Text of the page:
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This article considers the recent and vigorous critique of the Dutch restitution policy on Nazi-looted art in connection with the inclusion of what has been termed the “public interest” in the applicable substantive assessment framework. This assessment framework is entirely based on morally induced policy rules, and it allows the Dutch Restitutions Committee to advise on requests for restitution based on a weighing of interests, including the significance of the work to a museum or public art collection. Although one might question the appropriateness of such interests in a framework designed to remedy historic injustices, it remains to be seen whether this critique is entirely justified. Recent recommendations issued by the Dutch Restitutions Committee indicate that it takes a generous, rather than strict, approach when dealing with requests for restitution. All in all, it seems that both institutional and substantive vulnerability are inevitable if one embarks on a morally induced framework based on mere policy rules rather than legal rules.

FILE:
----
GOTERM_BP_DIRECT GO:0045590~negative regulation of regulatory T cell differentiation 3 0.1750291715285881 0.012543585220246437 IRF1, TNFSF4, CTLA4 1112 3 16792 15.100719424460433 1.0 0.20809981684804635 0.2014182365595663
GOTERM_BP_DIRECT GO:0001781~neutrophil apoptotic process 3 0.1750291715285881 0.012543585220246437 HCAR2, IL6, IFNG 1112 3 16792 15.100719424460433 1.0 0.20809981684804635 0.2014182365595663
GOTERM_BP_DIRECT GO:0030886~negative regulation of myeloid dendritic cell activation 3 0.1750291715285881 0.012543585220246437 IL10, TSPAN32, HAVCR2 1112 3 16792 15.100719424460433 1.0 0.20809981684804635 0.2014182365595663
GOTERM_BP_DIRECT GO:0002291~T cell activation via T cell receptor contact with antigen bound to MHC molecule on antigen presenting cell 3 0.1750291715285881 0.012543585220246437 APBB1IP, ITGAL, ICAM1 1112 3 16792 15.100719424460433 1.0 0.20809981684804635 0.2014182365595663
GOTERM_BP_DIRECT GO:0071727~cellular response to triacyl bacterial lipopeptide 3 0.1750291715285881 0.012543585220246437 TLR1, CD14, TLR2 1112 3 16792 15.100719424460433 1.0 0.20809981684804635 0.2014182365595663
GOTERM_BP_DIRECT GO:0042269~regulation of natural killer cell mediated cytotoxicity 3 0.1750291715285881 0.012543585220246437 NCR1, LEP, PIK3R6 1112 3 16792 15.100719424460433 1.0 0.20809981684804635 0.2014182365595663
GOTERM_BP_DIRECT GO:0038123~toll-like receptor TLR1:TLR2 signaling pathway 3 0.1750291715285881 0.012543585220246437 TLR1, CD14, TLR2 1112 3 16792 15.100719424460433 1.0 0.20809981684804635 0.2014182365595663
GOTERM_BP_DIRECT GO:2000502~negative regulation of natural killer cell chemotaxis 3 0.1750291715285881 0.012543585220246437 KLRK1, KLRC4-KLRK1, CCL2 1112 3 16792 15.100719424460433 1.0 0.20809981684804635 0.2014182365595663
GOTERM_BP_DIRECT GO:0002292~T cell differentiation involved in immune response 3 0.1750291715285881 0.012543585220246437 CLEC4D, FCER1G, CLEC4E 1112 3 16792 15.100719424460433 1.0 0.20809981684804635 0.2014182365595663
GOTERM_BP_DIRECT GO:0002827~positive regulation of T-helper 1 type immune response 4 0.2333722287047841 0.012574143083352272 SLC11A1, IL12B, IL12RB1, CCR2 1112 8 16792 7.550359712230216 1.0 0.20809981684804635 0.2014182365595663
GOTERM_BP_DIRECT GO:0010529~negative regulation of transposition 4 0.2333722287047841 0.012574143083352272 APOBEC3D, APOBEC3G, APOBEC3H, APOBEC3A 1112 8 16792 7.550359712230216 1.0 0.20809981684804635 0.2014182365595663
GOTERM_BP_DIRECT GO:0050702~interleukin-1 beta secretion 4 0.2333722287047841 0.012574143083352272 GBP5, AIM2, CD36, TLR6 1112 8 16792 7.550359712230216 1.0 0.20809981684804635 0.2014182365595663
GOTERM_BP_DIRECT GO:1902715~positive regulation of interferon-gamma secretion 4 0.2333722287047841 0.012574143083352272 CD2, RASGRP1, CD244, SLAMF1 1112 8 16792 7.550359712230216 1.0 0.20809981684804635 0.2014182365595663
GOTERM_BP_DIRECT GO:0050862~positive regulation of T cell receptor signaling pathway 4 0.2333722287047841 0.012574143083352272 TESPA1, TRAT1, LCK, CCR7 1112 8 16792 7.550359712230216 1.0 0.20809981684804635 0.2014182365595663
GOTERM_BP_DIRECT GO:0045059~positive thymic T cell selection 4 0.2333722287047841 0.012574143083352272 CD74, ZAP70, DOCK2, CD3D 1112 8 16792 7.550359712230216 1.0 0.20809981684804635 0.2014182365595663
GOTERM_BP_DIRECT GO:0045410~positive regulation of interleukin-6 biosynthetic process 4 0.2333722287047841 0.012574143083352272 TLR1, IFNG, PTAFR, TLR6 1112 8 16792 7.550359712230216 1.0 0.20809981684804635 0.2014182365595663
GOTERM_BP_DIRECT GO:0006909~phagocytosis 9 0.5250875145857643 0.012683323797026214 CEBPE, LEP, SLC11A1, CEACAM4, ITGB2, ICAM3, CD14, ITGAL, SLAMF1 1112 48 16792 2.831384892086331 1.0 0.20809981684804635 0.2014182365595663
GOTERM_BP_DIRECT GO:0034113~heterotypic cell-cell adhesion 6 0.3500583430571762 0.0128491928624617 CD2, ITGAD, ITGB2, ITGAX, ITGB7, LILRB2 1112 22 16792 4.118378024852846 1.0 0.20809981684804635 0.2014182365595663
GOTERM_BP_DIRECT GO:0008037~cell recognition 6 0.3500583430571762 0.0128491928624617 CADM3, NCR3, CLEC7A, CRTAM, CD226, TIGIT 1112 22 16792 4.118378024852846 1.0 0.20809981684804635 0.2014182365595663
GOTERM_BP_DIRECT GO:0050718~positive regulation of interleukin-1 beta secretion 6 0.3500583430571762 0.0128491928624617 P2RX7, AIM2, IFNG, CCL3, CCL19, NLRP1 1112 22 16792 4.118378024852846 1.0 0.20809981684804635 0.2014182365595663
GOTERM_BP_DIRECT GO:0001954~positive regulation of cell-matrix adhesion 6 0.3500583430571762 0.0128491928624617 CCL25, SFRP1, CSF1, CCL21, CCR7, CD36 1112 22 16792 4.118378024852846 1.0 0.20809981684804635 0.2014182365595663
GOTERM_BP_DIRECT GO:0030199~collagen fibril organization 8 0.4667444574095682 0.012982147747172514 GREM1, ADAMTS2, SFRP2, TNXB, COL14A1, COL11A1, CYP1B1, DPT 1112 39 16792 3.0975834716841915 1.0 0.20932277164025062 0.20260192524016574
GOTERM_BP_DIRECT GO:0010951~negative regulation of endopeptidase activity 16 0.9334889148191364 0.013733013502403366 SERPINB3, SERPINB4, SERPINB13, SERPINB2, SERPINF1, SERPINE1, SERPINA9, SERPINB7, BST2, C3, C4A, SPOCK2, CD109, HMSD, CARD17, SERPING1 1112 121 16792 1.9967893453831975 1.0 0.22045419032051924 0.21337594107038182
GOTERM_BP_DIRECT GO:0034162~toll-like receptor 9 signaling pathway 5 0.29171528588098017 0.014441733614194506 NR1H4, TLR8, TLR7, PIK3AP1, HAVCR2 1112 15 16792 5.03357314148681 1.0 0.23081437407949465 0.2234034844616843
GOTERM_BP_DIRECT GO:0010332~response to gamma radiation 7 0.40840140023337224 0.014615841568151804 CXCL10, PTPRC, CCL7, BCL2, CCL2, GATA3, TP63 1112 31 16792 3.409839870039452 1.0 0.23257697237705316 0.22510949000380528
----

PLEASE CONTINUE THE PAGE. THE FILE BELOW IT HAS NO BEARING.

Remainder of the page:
Author Tabitha I. Oost LLM, MA is Lecturer/Researcher in the Department of Constitutional and Administrative Law in the Faculty of Law at the University of Amsterdam.
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Published online by Cambridge University Press in the